‘Creative Class’ as Savior


The MoCA (Museum of Contemporary Art) is a world renown ‘chain’ with outposts worthy of a stopover from downtown Shanghai to uptown Cleveland (see below). One of the newest additions to the family resides in a very different environment – even more remote than DIA Beacon – in the hills of Massachusetts, just south of the Vermont border.

Housed in 26 former factory buildings (above, right), MASS MoCA is one of the largest CA museums in the world. And it’s size isn’t the only impressive factor, here, where 100 wall drawings by Sol Lewitt  are on permanent view.

rs8598_2011_october_banners_001_custom-e921c96c10777d80f28fff401d26d22d8a7b5f7e-s4 With an inexpensive, plentiful housing market and an imitable resource of upcoming and established artists, you could imagine little known North Adams to be booming. Not so. See, NA is suffering the same fate of post-industrial cities, trusting they could “turn themselves around by putting in art galleries and developing economies based on what bestselling author Richard Florida called the creative class” (1).

rs10110_2008_sol-lewitt_1081_001_custom-51b445e1dd04c1fd71a65f542b482d940e12e46d-s2 While students and music/ theater / art lovers journey to Tanglewood or Williamstown or North Adams for short sojourns, the town’s longtime residents have remained unchanged and relatively unaware of the treasure in their backyard. And the economy hasn’t felt the impact it was promised (300 jobs created instead of 600+).

And so it appears as though the tale of the starving artist translates on a broader scale, becoming the tale of the starving city, as Main Street, once booming during the era of industrialization, now better resembles a ghost town.

The question of how much this so called ‘creative class’ can revitalize a city is not a new one. In Cleveland, neighborhoods actively recruit and vie to acquire galleries and artists interested in live/work space. Some neighborhoods look to art to rescue them from despair, while others, like University Circle, attract art because of the wealth of resources that already exists.

MOCA_Cleveland_View_down_Euclid In Cleveland, MoCA recently abandoned it’s midtown ex-factory building in favor of a new, glossy geometric gem by FOA (above). The location, a stone’s throw from the Cleveland Institute of Art, Case Western Reserve University and the Cleveland Museum of Art is of course a desirable location for any organization; but the question lingers: as uptown improves it’s lot, what happens to the fledging midtown?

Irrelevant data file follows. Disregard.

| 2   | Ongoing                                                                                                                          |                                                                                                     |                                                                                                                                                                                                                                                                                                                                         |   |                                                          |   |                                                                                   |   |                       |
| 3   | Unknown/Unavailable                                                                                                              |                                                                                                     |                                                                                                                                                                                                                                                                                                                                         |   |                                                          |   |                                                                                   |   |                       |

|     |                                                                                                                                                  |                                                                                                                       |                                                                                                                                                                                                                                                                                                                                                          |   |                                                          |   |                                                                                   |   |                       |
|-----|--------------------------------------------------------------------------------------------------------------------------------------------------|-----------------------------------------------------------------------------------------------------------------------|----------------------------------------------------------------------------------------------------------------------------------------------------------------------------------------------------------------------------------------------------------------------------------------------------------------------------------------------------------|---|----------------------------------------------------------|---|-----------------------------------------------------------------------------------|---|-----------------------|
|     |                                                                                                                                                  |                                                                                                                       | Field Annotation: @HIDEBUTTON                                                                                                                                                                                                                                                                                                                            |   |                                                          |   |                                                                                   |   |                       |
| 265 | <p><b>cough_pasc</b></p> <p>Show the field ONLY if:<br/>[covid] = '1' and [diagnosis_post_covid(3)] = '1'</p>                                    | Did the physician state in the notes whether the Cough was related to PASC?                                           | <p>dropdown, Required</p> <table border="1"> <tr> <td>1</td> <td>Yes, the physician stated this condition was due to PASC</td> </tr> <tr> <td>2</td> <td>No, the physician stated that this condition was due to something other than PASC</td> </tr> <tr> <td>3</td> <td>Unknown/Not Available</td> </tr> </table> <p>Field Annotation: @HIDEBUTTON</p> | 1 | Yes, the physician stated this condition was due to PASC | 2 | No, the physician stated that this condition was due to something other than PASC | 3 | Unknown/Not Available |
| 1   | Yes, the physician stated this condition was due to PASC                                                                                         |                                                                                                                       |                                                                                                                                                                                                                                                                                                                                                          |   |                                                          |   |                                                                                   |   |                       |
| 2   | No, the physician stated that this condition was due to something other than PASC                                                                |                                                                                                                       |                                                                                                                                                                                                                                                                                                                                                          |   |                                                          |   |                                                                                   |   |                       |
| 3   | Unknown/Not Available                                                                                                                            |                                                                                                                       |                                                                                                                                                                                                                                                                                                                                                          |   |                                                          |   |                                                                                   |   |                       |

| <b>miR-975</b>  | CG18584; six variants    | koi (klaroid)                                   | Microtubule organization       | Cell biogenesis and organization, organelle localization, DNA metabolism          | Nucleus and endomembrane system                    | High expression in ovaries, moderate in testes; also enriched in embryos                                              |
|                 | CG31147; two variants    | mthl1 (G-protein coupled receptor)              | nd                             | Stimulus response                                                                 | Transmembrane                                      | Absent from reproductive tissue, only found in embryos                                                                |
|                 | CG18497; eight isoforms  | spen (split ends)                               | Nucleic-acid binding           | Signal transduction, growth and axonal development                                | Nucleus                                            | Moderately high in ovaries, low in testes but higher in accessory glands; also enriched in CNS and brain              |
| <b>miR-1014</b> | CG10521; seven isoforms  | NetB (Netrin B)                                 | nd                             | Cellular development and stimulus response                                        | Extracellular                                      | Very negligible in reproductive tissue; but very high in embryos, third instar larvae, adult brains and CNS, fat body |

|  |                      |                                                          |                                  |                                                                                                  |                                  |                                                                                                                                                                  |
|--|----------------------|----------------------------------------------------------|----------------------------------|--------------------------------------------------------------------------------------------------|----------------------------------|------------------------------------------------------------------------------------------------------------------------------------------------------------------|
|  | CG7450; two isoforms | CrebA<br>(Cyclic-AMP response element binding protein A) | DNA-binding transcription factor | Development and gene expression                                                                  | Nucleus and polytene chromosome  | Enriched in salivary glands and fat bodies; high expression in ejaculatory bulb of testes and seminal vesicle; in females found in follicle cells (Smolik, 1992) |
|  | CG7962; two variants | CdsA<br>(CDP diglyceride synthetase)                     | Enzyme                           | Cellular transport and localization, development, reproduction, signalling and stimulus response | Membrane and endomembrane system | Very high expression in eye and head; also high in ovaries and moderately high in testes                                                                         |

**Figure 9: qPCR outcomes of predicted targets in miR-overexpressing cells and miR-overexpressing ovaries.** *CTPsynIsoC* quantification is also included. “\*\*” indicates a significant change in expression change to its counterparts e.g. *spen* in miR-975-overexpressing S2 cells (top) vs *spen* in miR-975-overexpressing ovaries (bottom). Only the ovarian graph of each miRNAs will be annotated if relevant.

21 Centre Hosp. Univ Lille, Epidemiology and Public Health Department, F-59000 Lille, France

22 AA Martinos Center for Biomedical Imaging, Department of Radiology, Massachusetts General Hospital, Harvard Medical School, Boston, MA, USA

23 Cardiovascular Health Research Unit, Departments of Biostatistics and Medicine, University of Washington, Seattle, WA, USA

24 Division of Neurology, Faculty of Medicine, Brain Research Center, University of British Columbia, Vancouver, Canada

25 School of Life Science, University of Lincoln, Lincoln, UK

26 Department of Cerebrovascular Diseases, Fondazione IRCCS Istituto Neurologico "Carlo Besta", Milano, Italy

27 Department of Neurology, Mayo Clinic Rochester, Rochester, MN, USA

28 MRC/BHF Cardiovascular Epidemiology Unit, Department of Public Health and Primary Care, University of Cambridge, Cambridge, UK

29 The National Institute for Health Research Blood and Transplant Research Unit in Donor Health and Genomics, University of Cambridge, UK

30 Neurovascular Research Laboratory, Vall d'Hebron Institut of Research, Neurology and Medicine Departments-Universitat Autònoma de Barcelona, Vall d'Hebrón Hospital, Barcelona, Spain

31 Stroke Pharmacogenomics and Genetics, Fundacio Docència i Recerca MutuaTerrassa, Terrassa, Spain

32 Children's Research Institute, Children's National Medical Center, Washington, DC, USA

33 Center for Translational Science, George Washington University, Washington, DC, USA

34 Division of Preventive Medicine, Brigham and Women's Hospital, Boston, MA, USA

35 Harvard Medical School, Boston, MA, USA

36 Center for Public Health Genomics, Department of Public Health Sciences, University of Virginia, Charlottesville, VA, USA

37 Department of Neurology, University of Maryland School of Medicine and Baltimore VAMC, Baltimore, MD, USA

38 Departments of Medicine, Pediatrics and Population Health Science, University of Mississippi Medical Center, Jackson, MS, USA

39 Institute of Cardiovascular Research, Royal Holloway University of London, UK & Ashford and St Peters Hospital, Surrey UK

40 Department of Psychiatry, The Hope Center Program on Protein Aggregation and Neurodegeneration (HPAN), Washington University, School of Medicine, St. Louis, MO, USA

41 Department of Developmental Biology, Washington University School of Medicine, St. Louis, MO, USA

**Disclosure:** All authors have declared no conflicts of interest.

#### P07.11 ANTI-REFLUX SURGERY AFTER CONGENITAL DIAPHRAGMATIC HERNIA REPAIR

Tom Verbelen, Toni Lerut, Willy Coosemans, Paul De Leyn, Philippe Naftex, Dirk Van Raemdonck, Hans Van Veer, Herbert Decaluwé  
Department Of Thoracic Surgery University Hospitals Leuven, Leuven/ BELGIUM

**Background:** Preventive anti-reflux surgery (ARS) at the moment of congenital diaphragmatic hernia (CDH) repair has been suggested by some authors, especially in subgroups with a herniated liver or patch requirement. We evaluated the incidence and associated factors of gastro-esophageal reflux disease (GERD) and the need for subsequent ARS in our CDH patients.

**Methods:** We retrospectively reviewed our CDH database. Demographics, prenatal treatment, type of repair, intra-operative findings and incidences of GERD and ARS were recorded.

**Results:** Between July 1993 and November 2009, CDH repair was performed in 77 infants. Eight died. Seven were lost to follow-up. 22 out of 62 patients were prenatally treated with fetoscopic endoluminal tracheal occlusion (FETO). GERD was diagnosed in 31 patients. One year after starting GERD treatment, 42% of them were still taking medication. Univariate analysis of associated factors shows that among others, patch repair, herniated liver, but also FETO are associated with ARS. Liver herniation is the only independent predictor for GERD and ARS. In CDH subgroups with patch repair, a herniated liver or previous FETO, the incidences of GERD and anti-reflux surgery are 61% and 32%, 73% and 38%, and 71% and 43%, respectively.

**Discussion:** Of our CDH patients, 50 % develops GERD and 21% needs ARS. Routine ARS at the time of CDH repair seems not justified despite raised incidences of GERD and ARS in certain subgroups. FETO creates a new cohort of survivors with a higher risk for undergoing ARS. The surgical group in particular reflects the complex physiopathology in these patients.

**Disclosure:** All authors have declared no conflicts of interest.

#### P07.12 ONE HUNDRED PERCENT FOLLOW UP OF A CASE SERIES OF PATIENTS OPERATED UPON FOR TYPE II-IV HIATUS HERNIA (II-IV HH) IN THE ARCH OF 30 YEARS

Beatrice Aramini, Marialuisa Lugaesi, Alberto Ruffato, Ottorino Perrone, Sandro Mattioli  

Read the source: (1) North Adams, Mass.: A Manufacturing Town For Art by Neda Ulaby

2 thoughts on “‘Creative Class’ as Savior

  1. I worked at MASSMoCA for 2 years, and still go back as often as I can. North Adams is a great place to live, with a lot of opportunity for the “creative class” types. I think you’ve hit on the issue though–MASSMoCA created only about 300 jobs, most of which were for people they had to import in, not for locals. And while those imported employees spend money in town, the problem with working for a non-profit, and particularly an arts non-profit, is that the employees don’t have a lot of extra cash to give the economy the boost it needs. I’m not sure how that translates to Cleveland, which has the advantage of being a city where I would imagine the economy boosts the arts community and not the other way around.

    Have you been to MASSMoCA? I’d be happy to road trip there with you!

    • I had no idea you worked there, Angela! I’ve never been but would love to go road tripping – it appears as though the vast complex deserves a few days tour. I know of people who have spent summers in Williamstown and Tanglewood, too, and describe the landscape as stunning. I spent some time interviewing in Upstate New York a few years ago and witnessed similar phenomena of young artists / entrepreneurs taking over warehouses but the Main Streets of these tiny towns barely sustained more than one coffee shop or drugstore. In Cleveland, its a similar scenario in the sense that areas that don’t have thriving theaters or galleries are left in the dust, while restaurants and shops cling to the arts’ presence in denser areas. I suppose pop-ups are slowly trying to change that and encourage people to engage with new areas and cash mobs encourage people to spend money in the amount of $20 where they otherwise wouldn’t. Small steps!

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